Survey vessels capture a snapshot in time, These “upward-looking echosounders” are able to quantify the directional movements of fish over extended periods. They also have the potential to help us better understand how climate variability will affect these migrations. 

In this study, the scientific team deployed echosounders on the seafloor at four sites along the U.S.-Russia Convention Line in the Bering Sea. The devices recorded the passage of fish above them for just over a year. The echosounders were also equipped with sensors to collect physical oceanographic data, which is linked to fish migratory behavior.

So how do they work? The echosounders emit an acoustic signal—a ping—that echoes off the fish. Based on the strength of the echo, scientists estimate the number of fish in the water. They measure fish movements by tracking individuals as they move through the sonar beam in successive pings. These underwater devices cannot transmit data in real time, so they store the data  until the devices can be retrieved.

Alaska pollock are the most abundant fish species in the Bering Sea, comprising 60 percent of the total biomass. Acoustic-only observations like the data collected by the moorings have been used to measure pollock abundance. They are used to inform fisheries management. 

“Transboundary movements of fish stocks are a key source of uncertainty for management, but they are very difficult to measure directly. This cost-effective approach provides acoustic measurements of fish abundance and behavior over long time periods. It gives us a new view of pollock seasonal migrations that you can’t get from traditional surveys.” said Alex De Robertis, co-author and fish biologist at the Alaska Fisheries Science Center.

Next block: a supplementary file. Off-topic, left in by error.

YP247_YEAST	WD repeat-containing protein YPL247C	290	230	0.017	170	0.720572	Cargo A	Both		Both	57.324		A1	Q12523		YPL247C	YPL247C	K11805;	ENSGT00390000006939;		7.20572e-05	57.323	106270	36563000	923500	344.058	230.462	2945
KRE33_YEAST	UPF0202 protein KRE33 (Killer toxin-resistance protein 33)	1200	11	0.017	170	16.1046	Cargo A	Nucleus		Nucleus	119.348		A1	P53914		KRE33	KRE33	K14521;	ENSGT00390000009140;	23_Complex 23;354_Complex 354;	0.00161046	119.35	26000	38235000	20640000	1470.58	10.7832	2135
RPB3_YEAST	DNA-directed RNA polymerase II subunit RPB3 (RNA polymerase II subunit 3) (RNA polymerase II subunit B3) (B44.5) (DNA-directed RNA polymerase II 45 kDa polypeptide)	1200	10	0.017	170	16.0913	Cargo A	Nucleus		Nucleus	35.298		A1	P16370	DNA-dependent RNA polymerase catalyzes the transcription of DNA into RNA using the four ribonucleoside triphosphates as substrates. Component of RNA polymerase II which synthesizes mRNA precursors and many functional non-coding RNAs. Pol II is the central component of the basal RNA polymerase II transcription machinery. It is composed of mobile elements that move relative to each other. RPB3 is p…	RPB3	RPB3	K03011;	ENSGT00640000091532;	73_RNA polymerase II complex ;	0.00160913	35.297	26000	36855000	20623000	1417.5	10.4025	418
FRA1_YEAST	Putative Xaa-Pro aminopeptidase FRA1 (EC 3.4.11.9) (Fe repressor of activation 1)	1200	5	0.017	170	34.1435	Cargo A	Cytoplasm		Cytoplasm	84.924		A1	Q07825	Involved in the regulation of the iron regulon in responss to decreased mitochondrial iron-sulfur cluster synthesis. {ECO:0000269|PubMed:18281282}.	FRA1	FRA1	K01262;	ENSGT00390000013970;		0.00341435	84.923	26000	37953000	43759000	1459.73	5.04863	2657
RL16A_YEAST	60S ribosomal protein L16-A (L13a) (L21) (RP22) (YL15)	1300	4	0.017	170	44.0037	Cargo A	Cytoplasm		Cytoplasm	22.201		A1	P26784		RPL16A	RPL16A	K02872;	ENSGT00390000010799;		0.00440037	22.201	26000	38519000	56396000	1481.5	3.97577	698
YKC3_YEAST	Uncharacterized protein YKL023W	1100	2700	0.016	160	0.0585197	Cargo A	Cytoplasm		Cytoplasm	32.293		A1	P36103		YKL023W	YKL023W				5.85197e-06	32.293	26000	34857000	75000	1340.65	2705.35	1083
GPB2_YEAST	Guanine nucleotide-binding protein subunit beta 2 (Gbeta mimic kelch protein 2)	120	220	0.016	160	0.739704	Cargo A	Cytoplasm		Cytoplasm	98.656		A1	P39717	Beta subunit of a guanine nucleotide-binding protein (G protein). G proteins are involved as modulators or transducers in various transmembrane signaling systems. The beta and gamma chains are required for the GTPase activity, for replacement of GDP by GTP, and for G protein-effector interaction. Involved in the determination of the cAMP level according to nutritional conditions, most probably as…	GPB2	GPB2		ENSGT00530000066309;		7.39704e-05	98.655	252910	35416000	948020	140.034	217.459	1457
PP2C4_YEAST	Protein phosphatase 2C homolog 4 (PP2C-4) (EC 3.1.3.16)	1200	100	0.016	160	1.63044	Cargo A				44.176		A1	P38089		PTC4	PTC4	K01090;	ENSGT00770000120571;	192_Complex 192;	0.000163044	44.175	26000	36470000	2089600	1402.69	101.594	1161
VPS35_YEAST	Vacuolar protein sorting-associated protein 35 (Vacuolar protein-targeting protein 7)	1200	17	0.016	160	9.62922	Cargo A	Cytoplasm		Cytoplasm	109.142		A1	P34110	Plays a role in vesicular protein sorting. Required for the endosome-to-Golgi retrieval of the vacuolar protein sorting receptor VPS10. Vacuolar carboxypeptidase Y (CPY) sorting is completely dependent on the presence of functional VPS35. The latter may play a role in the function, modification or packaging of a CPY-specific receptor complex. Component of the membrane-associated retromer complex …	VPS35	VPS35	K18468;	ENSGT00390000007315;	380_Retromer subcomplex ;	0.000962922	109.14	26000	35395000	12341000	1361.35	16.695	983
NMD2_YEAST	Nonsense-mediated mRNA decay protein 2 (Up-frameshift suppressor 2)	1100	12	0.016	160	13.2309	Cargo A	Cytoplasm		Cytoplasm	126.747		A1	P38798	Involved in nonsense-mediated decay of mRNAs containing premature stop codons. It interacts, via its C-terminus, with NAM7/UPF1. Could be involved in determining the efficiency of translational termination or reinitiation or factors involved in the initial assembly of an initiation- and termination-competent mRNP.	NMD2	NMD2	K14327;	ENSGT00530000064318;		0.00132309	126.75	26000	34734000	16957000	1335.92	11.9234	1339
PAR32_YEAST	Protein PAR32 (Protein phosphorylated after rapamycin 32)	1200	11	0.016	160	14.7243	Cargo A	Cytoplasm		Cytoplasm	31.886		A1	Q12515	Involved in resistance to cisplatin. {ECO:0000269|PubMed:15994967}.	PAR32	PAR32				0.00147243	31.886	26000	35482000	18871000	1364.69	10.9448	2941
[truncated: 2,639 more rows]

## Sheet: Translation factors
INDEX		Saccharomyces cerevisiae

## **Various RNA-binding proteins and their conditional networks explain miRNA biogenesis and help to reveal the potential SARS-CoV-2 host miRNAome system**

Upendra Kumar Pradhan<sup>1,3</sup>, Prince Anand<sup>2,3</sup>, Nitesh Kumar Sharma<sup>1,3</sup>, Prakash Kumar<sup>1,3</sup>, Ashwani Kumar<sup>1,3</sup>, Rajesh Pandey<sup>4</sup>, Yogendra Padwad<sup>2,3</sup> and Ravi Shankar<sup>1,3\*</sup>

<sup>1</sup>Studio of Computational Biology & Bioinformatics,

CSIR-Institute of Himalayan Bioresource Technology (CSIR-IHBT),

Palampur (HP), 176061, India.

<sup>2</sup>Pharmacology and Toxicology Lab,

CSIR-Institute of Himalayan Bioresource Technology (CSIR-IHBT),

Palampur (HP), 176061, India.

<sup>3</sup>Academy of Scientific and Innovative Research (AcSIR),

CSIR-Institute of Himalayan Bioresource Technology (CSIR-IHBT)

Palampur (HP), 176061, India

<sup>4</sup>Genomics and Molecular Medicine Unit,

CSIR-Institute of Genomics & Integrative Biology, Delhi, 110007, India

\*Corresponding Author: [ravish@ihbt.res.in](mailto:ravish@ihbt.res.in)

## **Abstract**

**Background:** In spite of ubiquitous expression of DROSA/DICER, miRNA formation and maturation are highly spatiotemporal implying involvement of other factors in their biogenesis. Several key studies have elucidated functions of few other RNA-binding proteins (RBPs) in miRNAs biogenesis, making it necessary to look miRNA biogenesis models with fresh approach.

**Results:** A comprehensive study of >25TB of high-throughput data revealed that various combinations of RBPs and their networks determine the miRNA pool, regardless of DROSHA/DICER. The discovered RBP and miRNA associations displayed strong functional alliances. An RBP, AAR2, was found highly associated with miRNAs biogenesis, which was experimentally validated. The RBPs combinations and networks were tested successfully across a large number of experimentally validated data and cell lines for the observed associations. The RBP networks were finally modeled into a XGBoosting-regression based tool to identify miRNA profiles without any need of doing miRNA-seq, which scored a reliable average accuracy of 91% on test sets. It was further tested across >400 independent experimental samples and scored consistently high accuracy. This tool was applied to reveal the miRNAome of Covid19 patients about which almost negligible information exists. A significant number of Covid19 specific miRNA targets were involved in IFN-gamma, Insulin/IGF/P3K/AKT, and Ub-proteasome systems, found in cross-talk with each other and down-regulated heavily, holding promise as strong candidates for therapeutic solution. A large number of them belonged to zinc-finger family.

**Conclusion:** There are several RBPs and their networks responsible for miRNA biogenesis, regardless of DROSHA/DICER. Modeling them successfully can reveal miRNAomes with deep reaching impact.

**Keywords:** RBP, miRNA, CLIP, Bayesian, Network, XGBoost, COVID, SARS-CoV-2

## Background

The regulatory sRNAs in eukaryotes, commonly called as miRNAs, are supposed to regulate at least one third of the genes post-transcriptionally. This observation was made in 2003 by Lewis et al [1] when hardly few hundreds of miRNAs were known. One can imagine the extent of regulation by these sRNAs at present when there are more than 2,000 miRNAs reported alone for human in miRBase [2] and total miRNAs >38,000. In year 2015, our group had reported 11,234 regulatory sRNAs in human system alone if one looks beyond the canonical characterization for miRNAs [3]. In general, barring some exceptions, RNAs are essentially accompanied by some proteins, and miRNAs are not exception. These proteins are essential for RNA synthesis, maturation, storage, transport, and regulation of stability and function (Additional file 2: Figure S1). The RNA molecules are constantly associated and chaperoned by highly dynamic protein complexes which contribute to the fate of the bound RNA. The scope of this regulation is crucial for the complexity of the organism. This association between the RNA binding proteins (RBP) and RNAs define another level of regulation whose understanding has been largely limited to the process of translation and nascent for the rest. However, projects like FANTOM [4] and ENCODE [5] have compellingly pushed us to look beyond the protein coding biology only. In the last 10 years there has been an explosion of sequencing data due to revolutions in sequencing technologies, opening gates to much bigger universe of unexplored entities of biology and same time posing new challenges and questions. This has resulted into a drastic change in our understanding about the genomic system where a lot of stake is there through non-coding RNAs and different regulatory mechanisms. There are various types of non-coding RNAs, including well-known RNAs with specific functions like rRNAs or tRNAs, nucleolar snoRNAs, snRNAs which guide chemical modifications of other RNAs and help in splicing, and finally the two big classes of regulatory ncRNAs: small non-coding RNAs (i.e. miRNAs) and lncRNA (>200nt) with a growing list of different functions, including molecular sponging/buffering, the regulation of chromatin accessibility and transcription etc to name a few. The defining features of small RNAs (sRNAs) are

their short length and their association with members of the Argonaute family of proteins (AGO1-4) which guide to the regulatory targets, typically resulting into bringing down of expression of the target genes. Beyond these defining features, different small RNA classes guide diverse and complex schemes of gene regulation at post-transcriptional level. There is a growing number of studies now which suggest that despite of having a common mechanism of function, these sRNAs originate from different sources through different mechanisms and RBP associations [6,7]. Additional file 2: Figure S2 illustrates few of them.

Previous Use of Sonar Technology

This is not the first time Center scientists have used upward-looking sonars to monitor pollock.  In 2015, they used this unique acoustic technology to capture migrations of spawning fish in Shelikof Strait in the Gulf of Alaska. Similar moorings were also used to track the movement of age-0 fish in the Alaska Arctic from 2017–2019. 

Data collected in research surveys and from observers on commercial fishing boats has supported sustainable pollock fisheries management in both the U.S. and Russia for decades. However, continued warming of the Bering Sea shelf is likely to alter pollock distributions in the future. Technology like this will help track these changes and ensure continued sustainability of this important commercial fishery and help inform our understanding of ecosystem changes in Alaska.

The scientific team also sees potential applications for this technology worldwide.

“Around the world, there are many commercially important marine species that are distributed across multiple management areas and undergo transboundary movements. It can be challenging to effectively manage these stocks due to seasonal and annual movements and distribution changes due to climate change. This approach will be most effective in situations where the marine ecosystem is dominated by a single species, like for monitoring pollock in Alaska. In cases like this you can be fairly confident that the acoustic data represent changes in abundance and behavior of the dominant species,” added Levine.

Last updated by Alaska Fisheries Science Center on June 20, 2024